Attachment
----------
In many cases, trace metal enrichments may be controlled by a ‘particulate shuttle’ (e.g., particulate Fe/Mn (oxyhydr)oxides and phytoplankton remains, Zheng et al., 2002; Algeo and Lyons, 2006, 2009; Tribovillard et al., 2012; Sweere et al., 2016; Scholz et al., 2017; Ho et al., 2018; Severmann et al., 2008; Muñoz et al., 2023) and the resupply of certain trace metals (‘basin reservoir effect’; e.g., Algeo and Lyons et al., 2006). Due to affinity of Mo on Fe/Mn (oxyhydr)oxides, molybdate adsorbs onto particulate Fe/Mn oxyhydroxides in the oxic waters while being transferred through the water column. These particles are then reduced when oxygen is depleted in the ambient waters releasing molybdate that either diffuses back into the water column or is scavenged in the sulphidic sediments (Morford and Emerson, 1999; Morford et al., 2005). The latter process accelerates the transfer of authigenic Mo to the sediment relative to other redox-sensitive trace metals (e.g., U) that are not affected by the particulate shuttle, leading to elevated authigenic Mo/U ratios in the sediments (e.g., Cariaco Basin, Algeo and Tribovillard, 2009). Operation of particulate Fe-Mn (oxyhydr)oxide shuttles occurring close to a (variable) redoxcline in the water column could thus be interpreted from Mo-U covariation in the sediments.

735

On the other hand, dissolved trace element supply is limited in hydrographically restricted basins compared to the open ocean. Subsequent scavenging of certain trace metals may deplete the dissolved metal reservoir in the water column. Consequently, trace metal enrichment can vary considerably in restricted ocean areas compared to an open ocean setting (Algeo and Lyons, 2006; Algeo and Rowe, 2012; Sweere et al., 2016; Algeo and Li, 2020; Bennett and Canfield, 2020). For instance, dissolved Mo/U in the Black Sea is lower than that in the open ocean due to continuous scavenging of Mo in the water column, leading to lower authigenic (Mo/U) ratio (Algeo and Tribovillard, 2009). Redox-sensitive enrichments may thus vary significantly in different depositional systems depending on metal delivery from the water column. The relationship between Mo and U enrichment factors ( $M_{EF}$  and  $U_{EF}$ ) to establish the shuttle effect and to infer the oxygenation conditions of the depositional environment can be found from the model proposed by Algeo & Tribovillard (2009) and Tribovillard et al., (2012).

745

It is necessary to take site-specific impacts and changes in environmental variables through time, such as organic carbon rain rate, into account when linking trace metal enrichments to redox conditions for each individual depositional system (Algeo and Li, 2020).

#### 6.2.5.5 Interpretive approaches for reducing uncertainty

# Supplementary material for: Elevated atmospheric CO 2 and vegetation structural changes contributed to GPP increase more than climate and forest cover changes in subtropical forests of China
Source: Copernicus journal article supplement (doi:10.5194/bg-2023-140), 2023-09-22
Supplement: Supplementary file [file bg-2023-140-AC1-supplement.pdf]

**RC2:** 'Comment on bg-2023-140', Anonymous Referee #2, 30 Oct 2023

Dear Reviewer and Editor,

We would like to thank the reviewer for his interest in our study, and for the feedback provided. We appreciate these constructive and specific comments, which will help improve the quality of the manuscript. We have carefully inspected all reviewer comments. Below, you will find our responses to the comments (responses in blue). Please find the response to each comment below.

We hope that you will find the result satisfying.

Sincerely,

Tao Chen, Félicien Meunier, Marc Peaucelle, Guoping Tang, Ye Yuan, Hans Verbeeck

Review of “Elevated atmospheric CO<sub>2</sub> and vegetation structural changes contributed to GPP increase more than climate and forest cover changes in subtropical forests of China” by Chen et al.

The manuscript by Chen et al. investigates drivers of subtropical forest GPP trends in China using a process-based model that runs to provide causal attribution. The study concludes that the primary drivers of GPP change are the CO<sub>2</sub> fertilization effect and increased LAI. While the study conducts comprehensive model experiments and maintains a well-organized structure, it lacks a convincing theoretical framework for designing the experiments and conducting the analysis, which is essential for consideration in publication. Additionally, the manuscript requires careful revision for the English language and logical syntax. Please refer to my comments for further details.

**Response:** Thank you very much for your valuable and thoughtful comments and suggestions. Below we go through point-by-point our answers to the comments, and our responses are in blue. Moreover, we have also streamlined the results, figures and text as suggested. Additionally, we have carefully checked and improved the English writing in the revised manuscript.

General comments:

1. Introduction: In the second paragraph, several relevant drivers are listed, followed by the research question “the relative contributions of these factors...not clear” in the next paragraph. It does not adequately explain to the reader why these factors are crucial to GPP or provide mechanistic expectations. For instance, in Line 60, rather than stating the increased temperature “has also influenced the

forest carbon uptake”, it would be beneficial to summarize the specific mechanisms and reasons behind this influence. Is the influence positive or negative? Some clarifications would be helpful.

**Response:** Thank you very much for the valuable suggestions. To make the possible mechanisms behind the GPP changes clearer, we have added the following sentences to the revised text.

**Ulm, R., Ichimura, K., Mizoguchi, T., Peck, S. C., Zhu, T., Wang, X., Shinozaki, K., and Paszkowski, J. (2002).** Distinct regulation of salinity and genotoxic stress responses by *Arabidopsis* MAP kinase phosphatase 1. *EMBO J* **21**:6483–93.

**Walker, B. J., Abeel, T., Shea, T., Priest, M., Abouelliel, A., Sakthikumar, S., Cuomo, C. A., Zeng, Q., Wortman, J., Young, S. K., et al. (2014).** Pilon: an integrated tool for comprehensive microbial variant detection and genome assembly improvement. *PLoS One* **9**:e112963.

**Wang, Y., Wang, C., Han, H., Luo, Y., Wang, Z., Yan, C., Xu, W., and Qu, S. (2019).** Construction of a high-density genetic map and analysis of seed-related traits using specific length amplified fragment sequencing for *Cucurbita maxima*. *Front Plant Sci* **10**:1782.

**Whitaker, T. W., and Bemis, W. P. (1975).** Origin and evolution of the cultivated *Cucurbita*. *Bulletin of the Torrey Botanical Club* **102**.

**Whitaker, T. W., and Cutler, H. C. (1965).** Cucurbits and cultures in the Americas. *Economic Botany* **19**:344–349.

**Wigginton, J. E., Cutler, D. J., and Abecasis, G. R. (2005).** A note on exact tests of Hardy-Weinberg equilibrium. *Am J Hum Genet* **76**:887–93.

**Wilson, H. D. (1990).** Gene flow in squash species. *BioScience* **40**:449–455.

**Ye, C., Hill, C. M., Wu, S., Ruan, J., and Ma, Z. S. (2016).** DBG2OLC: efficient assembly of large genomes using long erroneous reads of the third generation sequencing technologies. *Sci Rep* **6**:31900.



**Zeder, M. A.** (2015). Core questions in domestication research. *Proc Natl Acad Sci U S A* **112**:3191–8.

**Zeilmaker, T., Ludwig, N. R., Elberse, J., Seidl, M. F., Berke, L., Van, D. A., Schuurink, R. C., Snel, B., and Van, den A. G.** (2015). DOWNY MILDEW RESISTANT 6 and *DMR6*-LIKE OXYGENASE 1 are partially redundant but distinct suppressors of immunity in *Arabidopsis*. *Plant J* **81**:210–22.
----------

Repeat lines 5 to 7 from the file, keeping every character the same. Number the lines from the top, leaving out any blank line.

It is necessary to take site-specific impacts and changes in environmental variables through time, such as organic carbon rain rate, into account when linking trace metal enrichments to redox conditions for each individual depositional system (Algeo and Li, 2020).

#### 6.2.5.5 Interpretive approaches for reducing uncertainty

# Supplementary material for: Elevated atmospheric CO 2 and vegetation structural changes contributed to GPP increase more than climate and forest cover changes in subtropical forests of China